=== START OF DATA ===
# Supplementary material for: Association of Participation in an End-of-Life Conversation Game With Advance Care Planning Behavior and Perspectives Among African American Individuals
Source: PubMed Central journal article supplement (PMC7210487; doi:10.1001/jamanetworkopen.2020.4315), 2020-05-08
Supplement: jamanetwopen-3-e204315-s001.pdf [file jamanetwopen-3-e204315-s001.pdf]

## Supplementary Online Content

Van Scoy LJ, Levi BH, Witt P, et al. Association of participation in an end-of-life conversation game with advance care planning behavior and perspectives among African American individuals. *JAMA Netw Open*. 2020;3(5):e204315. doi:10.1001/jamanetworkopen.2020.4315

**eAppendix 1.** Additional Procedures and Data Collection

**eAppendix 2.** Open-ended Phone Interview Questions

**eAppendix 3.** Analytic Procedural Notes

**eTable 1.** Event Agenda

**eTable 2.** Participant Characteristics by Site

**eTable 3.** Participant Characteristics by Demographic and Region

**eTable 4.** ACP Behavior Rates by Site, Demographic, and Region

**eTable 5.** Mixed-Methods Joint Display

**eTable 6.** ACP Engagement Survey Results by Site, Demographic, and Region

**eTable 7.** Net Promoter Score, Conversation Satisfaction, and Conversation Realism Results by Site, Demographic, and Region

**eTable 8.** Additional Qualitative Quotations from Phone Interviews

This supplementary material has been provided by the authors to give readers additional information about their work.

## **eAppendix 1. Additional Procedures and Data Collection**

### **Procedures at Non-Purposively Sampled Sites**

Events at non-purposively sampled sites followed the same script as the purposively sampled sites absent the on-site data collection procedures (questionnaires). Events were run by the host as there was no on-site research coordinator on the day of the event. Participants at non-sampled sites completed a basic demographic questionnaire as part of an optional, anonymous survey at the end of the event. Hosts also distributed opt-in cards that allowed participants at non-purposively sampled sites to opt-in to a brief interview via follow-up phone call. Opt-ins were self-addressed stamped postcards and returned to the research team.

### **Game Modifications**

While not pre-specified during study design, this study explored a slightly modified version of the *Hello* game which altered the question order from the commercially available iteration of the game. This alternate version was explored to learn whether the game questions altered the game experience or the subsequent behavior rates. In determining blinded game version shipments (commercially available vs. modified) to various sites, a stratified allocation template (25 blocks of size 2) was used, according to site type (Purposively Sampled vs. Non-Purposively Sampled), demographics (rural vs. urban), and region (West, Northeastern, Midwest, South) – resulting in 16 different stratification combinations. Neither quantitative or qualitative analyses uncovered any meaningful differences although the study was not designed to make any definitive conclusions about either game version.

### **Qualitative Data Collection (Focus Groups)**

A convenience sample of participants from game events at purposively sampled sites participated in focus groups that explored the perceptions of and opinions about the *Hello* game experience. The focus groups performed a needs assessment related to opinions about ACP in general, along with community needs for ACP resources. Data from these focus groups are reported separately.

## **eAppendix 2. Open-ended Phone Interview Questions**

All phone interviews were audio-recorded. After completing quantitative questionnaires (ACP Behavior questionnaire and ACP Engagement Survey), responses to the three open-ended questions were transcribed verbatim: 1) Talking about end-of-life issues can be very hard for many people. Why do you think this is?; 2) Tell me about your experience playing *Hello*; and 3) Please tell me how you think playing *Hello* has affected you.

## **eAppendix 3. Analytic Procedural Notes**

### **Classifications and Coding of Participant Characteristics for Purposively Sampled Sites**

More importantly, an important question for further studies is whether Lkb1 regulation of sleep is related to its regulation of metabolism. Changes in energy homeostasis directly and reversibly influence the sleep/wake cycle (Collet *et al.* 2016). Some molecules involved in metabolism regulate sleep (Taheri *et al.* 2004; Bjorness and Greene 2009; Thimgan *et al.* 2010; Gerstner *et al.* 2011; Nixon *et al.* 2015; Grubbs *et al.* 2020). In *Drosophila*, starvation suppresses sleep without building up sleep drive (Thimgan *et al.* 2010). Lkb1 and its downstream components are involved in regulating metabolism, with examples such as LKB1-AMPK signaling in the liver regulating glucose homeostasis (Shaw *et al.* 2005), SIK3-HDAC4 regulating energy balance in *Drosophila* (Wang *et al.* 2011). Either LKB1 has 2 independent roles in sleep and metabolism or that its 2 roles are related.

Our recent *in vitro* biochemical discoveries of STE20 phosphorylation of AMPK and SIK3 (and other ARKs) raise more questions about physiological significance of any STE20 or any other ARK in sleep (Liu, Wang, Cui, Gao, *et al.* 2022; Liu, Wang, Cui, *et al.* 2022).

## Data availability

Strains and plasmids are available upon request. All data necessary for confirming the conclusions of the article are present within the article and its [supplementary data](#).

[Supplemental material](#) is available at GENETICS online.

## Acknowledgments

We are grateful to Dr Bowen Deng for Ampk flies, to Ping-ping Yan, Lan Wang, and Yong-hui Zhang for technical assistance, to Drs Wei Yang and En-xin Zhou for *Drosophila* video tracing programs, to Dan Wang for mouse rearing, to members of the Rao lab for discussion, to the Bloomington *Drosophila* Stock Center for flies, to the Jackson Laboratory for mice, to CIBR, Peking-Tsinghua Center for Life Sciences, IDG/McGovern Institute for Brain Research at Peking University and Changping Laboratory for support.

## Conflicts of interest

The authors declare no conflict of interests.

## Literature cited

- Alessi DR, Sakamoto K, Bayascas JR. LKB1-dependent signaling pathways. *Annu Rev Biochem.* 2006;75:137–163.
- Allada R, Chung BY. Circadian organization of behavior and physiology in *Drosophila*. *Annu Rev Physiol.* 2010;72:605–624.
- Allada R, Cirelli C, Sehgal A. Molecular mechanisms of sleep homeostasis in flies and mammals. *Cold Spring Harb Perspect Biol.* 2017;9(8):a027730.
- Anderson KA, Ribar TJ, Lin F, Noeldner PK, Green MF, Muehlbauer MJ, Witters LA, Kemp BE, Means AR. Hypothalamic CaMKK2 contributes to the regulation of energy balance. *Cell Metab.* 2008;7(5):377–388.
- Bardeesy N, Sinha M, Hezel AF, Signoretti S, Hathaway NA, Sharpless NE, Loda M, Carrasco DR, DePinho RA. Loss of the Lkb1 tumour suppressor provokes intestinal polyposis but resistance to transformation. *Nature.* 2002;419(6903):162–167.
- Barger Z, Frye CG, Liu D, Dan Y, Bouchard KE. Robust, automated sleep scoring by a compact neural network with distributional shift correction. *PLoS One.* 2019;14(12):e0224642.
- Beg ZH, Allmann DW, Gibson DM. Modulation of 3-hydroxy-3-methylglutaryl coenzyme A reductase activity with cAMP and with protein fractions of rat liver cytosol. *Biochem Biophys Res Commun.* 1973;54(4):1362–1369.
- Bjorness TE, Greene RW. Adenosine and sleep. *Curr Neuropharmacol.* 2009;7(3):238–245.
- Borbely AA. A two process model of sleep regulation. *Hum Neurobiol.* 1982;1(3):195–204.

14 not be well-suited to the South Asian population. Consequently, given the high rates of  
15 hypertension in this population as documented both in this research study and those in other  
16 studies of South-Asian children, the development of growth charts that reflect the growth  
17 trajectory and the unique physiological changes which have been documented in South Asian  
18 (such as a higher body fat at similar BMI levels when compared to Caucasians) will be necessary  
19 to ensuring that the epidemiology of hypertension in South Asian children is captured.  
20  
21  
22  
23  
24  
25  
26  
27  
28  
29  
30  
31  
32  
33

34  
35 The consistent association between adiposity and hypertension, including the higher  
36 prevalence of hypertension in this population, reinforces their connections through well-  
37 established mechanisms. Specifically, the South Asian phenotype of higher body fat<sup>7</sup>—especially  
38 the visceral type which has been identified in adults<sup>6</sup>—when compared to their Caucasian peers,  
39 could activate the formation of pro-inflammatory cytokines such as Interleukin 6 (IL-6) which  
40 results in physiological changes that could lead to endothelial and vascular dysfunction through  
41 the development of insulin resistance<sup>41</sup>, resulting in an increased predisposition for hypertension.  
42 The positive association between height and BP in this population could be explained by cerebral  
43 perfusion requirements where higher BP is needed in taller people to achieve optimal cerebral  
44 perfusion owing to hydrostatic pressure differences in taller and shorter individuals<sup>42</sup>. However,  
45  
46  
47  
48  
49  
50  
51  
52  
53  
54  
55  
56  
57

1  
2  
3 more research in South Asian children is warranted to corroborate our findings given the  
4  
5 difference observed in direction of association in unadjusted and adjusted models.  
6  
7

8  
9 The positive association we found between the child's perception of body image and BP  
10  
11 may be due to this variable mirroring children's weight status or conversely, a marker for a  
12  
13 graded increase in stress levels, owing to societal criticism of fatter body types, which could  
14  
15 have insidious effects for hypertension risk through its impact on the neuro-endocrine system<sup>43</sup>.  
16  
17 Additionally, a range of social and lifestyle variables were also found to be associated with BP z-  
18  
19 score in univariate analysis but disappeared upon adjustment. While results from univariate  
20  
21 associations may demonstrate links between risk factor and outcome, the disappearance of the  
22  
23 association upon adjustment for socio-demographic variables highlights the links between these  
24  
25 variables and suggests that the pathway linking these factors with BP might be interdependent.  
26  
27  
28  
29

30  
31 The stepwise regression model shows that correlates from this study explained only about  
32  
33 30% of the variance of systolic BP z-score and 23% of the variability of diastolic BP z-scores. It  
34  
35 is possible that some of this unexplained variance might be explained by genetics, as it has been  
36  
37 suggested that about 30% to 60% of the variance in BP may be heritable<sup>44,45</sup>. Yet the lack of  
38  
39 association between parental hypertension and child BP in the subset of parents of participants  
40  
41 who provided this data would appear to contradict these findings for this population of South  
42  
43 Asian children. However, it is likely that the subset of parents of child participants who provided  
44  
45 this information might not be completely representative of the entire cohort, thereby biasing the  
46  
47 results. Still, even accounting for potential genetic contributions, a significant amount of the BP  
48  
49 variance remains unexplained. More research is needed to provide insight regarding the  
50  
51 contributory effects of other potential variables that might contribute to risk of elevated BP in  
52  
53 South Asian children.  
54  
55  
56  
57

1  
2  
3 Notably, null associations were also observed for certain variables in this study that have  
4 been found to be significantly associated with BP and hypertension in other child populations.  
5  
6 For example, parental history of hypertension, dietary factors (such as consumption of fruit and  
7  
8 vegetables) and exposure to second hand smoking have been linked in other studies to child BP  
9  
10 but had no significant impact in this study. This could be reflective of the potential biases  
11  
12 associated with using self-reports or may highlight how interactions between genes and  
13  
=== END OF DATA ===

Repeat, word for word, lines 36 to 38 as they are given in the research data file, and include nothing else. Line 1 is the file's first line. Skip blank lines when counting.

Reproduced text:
## Conflicts of interest

The authors declare no conflict of interests.

## Literature cited